Implementing a Personalized Learning Initiative

Implementing a Personalized Learning Initiative

DOI: 10.4018/978-1-7998-4237-8.ch005

Abstract

This chapter is designed to inform teachers, administrators, policymakers, and researchers on the research available for implementing a personalized learning (PL) program. Personalized learning can be implemented in individual classrooms or schoolwide. Both scenarios are addressed. Much of the research involving PL has been performed in charter schools, and that research is also explored in this chapter. The chapter includes recommendations and identified challenges that go along with creating a program to scale, as well as discusses the impact PL initiatives have on the teaching staff. The chapter provides an introduction, background information, and case studies involving classroom and schoolwide PL programs. Additional resources are included as well.
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Introduction

Personalized learning (PL) is a monumental shift in policy and practice, but it may very well be the antidote for what ails the current educational system. The basic tenets of PL require students to actively claim their education rather than just receiving it. In 1977, Adrienne Rich (1995) addressed Douglass College at their convocation in her speech, “Claiming an Education.” She discussed claiming versus receiving an education and noted that it is the difference between acting or being acted upon. That comparison is a very apt description of the difference between educating students in a traditional manner and personalizing the learning experience for students. Personalized learning is a way to transition students from functioning as a receptacle for an education that someone else, such as a teacher, textbook publisher or software designer, has designed to becoming the designers of their own education. In some cases, Rich noted, claiming versus receiving an education can be the difference between life and death. That rhetoric may sound like hyperbole to some, but with the rapidly changing job market and the new 21st-century skills needed to stay current, it may not be too far off.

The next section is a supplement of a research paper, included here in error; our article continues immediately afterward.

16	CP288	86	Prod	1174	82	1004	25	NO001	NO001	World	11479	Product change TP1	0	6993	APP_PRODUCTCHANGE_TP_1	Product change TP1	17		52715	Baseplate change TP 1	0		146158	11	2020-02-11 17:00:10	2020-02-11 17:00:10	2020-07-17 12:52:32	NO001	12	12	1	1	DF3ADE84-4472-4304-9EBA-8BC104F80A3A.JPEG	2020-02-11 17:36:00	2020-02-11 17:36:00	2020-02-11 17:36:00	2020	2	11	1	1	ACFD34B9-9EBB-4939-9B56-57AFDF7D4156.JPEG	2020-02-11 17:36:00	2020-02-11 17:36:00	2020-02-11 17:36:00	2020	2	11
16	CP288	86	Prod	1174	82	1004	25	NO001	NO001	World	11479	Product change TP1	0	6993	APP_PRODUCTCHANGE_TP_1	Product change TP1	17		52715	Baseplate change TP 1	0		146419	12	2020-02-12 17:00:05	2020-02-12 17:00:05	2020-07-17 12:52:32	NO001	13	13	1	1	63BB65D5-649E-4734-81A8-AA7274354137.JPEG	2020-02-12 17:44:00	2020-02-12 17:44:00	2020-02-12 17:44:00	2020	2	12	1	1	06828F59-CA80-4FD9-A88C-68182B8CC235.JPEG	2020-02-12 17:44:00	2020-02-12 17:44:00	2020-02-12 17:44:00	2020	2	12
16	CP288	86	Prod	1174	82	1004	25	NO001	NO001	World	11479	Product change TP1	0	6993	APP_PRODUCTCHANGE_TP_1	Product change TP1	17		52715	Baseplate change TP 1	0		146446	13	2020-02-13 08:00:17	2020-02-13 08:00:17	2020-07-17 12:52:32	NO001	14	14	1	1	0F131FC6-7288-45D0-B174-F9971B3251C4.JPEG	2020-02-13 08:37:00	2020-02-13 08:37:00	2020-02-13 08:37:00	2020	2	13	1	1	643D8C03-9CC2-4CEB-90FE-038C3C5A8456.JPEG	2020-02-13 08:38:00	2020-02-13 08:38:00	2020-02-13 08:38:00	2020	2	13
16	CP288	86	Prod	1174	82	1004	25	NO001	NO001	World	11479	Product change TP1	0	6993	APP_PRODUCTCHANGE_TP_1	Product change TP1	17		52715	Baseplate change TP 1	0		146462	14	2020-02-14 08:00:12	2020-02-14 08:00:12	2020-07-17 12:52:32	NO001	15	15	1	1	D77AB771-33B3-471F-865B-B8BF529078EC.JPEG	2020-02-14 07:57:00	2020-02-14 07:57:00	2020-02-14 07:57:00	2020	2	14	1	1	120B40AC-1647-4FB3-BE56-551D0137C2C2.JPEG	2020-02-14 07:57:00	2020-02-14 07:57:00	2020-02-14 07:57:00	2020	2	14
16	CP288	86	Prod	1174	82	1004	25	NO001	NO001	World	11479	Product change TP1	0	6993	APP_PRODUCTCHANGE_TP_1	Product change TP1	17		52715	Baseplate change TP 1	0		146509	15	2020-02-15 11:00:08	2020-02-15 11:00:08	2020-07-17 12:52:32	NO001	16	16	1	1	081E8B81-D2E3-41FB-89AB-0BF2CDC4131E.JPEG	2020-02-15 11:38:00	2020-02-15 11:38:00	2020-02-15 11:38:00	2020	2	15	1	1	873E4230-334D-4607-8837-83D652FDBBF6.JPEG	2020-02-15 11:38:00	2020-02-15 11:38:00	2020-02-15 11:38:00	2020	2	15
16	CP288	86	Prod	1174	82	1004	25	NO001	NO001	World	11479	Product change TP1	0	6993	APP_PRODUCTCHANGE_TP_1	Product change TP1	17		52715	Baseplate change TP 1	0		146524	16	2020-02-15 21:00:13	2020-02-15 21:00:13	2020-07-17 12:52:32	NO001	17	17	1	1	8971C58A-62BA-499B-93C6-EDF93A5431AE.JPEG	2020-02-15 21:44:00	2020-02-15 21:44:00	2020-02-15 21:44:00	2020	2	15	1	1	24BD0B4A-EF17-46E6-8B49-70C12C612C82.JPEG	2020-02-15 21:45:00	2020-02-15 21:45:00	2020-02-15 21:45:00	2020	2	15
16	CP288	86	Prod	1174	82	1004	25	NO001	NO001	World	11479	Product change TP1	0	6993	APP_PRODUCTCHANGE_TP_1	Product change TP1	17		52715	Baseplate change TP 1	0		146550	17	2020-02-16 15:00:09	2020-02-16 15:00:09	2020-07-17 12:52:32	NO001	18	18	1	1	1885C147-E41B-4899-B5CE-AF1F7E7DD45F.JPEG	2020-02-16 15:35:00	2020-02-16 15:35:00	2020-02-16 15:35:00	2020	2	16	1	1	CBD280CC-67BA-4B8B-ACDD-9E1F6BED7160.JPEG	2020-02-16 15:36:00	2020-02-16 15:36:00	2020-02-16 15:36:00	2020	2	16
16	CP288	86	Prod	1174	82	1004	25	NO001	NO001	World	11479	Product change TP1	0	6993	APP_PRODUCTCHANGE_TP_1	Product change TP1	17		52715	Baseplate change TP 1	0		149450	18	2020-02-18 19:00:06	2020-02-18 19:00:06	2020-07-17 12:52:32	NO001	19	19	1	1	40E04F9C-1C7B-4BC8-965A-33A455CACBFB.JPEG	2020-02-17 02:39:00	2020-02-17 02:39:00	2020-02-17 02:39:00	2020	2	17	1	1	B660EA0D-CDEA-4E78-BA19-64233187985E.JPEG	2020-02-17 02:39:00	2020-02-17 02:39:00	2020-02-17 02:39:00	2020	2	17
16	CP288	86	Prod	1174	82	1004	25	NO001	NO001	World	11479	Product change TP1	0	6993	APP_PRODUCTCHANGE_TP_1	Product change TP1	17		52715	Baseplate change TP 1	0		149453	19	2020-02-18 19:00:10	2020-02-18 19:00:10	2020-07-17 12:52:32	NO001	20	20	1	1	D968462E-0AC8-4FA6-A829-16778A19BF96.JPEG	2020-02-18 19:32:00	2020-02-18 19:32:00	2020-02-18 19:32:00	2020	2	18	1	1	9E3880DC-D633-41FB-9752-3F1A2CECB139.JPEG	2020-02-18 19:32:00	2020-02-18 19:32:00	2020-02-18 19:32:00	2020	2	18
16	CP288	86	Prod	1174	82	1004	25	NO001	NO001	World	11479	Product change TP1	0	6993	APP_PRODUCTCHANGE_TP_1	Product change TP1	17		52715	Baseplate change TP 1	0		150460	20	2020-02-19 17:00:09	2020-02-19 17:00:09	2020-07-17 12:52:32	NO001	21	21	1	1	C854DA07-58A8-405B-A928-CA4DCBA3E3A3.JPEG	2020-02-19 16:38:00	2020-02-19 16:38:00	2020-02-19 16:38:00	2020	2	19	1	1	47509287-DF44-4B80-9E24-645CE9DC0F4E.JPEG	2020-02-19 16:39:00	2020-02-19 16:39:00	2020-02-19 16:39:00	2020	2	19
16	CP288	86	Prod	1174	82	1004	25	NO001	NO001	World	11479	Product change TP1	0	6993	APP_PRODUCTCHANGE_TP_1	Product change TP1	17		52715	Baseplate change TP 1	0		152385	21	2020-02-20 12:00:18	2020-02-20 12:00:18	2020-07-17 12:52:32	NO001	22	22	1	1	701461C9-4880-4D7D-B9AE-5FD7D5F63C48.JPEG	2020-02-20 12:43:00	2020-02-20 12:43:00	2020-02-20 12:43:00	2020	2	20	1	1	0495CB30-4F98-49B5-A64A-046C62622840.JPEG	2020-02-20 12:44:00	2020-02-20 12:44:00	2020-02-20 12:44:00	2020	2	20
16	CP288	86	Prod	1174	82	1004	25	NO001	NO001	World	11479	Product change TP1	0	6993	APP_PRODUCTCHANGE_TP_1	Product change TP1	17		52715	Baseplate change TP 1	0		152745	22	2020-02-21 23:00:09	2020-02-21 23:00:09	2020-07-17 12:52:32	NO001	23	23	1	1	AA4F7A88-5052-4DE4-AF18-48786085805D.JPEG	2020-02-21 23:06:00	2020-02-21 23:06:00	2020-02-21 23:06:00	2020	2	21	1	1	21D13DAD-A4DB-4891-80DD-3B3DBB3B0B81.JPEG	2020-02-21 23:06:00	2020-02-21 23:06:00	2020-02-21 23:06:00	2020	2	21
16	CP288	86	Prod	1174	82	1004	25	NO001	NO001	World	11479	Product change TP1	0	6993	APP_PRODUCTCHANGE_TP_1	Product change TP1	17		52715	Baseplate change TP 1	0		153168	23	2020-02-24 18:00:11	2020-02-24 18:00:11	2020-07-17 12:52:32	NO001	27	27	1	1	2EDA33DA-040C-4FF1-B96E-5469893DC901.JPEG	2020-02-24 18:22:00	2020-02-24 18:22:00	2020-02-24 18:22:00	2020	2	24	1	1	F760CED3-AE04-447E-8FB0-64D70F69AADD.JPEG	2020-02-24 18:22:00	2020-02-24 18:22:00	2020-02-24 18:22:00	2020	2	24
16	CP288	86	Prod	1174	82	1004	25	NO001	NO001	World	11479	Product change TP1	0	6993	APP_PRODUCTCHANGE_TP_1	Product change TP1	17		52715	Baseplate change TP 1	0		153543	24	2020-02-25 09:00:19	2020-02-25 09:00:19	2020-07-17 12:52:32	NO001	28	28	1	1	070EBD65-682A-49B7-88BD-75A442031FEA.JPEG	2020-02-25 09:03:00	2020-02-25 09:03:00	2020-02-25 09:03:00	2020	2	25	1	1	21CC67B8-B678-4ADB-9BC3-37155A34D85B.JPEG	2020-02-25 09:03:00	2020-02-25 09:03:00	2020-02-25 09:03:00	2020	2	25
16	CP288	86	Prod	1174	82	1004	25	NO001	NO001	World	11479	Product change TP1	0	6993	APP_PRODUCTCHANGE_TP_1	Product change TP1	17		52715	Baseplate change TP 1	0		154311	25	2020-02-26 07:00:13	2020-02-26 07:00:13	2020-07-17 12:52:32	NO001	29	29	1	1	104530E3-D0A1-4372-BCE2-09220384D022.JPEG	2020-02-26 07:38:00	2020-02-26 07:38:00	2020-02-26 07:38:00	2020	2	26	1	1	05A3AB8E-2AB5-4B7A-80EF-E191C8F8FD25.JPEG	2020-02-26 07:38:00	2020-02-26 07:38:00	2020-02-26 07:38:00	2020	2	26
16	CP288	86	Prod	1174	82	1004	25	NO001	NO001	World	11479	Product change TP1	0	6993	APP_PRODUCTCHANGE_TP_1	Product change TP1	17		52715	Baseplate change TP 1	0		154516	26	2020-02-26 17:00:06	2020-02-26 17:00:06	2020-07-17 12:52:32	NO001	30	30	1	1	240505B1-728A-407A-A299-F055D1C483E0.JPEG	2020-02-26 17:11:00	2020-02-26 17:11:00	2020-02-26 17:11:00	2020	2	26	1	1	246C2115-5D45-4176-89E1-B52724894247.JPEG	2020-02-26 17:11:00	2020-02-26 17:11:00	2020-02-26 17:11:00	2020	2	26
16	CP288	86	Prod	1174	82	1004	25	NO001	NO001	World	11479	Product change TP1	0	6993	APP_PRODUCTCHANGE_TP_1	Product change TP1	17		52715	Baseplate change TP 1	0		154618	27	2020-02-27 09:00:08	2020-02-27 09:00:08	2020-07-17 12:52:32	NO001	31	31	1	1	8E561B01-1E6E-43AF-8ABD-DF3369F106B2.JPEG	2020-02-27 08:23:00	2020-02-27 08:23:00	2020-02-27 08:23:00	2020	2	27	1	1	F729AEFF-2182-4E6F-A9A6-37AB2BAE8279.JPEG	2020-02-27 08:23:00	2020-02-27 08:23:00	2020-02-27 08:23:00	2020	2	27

In her speech, Rich (1995) addressed both the individual responsibility a student has to oneself and the responsibility the educator must possess to educate their students, stating, “This contract must remain intuitive, dynamic, unwritten; but we must turn to it again and again if learning is to be reclaimed from the depersonalizing and cheapening pressures of the present-day academic scene” (p. 231). More than 40 years later, educators today can benefit from her critique of the then current educational landscape and reflect on how much has changed and what still needs to change.

Personalized learning is a hot topic among educators and policymakers alike because when used as an educational strategy, it possesses the potential to create meaningful reform in education. However, because of little available research, decision-makers continue to have more questions than answers when discussing a program focused on PL. When planning to implement a PL program, critical questions must be addressed: What does PL look like for this school? Will it be a full school initiative wherein students are grouped by competency and not by age or grade or will it be an initiative self-contained in a single classroom? Will only certain aspects of PL be adopted and, if so, which ones? What makes the most sense for this school’s students and families? And finally, what existing information and research is available that can provide insight in order to benefit from other schools’ experiences?

In the previous chapters, PL was discussed as an instructional strategy. In this chapter, PL will be discussed within the context of a school reform initiative.

Key Terms in this Chapter

Self-Discovery: Students developing an understanding of how they learn best and reflecting on their learning experiences.

Replication: Copying something.

School Culture: How students, staff, and teachers work together to adhere to a set of core values and beliefs that may be stated explicitly or implicitly.

Best Practices: The most effective professional practices.

Sustainability: The ability of a program to be maintained.

Confirmation Bias: The tendency to interpret results in a way that coincides with existing beliefs.

Innovation: A new method or way of performing an act or process.

Student Agency: Self-regulated learning in which students advocate for themselves.

Social-Emotional Learning (SEL): Children and adults apply knowledge and skills to understand and manage emotions, achieve goals, and convey empathy.

Scalability: The ability to replicate a process or function in a larger capacity.

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